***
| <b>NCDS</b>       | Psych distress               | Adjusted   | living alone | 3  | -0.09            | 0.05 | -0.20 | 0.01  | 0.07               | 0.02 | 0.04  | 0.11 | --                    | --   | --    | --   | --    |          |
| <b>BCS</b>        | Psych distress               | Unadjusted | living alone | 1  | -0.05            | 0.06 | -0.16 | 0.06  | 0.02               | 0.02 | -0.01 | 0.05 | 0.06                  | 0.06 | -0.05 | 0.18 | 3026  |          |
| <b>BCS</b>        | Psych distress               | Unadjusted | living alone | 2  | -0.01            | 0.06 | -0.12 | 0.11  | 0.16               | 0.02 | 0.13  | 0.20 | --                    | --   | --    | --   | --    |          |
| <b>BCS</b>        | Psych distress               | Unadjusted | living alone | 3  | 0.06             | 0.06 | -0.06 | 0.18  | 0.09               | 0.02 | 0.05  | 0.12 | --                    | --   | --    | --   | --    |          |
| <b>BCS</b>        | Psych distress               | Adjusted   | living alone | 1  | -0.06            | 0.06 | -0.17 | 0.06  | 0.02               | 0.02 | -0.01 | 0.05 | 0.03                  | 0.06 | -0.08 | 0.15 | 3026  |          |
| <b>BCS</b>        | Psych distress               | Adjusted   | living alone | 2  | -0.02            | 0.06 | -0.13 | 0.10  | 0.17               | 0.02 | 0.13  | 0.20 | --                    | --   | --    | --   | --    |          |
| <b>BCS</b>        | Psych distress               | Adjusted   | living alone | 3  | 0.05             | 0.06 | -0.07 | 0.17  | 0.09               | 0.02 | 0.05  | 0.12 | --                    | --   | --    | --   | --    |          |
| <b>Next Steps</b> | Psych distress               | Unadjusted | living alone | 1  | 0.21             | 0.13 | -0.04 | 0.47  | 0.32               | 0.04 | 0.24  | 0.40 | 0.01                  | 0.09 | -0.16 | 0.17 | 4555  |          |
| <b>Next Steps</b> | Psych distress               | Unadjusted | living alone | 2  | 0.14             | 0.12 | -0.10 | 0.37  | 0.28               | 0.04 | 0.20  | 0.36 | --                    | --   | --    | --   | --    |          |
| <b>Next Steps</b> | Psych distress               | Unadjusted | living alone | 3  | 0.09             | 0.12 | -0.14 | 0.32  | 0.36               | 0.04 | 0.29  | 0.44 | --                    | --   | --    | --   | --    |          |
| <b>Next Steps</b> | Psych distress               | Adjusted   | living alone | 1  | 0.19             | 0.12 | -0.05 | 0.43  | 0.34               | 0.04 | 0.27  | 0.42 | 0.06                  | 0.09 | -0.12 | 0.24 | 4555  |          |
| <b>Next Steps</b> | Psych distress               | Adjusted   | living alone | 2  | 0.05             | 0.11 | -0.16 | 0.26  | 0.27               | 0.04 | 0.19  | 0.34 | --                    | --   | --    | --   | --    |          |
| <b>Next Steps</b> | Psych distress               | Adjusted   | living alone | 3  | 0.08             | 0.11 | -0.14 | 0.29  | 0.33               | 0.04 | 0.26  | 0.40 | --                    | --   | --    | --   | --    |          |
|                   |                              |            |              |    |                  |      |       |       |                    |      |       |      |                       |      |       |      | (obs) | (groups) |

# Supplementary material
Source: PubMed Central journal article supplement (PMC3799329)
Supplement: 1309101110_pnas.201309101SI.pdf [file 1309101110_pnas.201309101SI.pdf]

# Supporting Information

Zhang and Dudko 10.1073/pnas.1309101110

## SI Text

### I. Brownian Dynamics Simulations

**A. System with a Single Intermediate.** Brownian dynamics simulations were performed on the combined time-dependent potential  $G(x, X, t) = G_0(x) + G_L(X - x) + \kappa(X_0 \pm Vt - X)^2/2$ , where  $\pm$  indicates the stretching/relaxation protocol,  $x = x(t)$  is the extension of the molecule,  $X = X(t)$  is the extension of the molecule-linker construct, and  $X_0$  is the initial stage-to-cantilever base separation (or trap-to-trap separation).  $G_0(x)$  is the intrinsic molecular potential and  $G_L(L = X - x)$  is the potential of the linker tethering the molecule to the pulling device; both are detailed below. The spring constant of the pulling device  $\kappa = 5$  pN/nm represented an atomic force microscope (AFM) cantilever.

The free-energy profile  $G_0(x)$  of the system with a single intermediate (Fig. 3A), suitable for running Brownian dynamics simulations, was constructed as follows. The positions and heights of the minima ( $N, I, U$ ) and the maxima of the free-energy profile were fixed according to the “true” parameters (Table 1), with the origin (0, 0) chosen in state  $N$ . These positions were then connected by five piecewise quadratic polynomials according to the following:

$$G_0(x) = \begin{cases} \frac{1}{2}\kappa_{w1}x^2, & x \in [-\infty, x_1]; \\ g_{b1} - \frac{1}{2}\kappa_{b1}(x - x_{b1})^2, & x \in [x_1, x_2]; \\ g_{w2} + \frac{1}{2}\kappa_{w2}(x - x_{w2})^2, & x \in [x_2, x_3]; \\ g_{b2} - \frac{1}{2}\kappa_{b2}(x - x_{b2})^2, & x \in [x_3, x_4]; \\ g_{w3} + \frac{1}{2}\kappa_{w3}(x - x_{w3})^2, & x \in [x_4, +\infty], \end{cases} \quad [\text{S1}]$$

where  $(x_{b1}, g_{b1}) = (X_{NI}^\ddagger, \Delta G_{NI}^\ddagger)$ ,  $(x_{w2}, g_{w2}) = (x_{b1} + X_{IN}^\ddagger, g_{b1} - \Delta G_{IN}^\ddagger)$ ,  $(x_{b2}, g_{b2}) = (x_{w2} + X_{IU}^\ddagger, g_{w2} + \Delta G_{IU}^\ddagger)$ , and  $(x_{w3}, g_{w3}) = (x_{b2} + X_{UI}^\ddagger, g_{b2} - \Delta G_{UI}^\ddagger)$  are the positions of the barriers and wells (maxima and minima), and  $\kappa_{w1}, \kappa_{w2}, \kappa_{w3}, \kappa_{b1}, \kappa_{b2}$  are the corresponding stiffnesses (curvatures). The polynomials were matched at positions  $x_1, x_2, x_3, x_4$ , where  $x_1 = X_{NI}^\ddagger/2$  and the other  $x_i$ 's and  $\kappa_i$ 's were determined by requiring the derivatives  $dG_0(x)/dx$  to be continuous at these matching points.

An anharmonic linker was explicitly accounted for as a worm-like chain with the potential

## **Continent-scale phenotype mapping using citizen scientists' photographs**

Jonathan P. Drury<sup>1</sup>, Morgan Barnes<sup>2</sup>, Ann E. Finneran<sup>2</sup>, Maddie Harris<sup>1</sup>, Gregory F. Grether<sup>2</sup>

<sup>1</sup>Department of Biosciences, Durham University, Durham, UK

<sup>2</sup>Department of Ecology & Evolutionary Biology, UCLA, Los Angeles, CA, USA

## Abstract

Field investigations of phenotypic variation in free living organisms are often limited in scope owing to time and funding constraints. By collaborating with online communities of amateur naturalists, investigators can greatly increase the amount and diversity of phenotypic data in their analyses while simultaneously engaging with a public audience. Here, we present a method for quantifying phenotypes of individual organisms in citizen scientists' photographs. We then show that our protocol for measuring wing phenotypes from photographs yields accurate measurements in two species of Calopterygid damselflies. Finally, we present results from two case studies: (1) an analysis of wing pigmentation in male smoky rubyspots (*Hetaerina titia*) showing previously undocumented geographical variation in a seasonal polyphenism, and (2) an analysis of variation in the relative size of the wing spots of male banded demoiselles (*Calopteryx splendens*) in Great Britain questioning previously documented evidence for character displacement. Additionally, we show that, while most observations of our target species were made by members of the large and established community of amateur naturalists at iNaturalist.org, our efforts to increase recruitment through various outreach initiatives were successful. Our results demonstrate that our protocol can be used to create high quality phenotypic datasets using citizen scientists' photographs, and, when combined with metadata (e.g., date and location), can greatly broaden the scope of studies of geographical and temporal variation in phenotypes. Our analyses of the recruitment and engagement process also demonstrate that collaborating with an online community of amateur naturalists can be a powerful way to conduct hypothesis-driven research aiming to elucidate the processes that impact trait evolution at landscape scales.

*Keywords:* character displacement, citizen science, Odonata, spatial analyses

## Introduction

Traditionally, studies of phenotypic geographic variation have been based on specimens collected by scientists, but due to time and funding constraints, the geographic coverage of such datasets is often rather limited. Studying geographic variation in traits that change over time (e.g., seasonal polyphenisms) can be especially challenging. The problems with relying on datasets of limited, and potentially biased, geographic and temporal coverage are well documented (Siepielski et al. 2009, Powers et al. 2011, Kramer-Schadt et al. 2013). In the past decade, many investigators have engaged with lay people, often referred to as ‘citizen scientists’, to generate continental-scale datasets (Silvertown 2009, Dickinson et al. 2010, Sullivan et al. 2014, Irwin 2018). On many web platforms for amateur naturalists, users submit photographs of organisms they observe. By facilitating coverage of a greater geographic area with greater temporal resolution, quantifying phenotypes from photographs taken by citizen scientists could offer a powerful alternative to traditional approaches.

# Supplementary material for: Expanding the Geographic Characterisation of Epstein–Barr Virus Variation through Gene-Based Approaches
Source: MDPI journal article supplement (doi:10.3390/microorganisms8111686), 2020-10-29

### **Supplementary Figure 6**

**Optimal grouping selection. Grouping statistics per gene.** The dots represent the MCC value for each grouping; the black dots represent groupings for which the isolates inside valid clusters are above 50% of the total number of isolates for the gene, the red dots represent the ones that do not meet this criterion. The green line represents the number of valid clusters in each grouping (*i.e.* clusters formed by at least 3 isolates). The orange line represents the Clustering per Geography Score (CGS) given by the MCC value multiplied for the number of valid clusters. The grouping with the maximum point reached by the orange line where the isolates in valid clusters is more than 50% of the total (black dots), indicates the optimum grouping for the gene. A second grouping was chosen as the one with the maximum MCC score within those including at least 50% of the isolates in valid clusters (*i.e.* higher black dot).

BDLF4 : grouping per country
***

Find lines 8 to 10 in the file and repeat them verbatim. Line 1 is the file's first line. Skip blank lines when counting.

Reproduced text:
| <b>Next Steps</b> | Psych distress               | Unadjusted | living alone | 1  | 0.21             | 0.13 | -0.04 | 0.47  | 0.32               | 0.04 | 0.24  | 0.40 | 0.01                  | 0.09 | -0.16 | 0.17 | 4555  |          |
| <b>Next Steps</b> | Psych distress               | Unadjusted | living alone | 2  | 0.14             | 0.12 | -0.10 | 0.37  | 0.28               | 0.04 | 0.20  | 0.36 | --                    | --   | --    | --   | --    |          |
| <b>Next Steps</b> | Psych distress               | Unadjusted | living alone | 3  | 0.09             | 0.12 | -0.14 | 0.32  | 0.36               | 0.04 | 0.29  | 0.44 | --                    | --   | --    | --   | --    |          |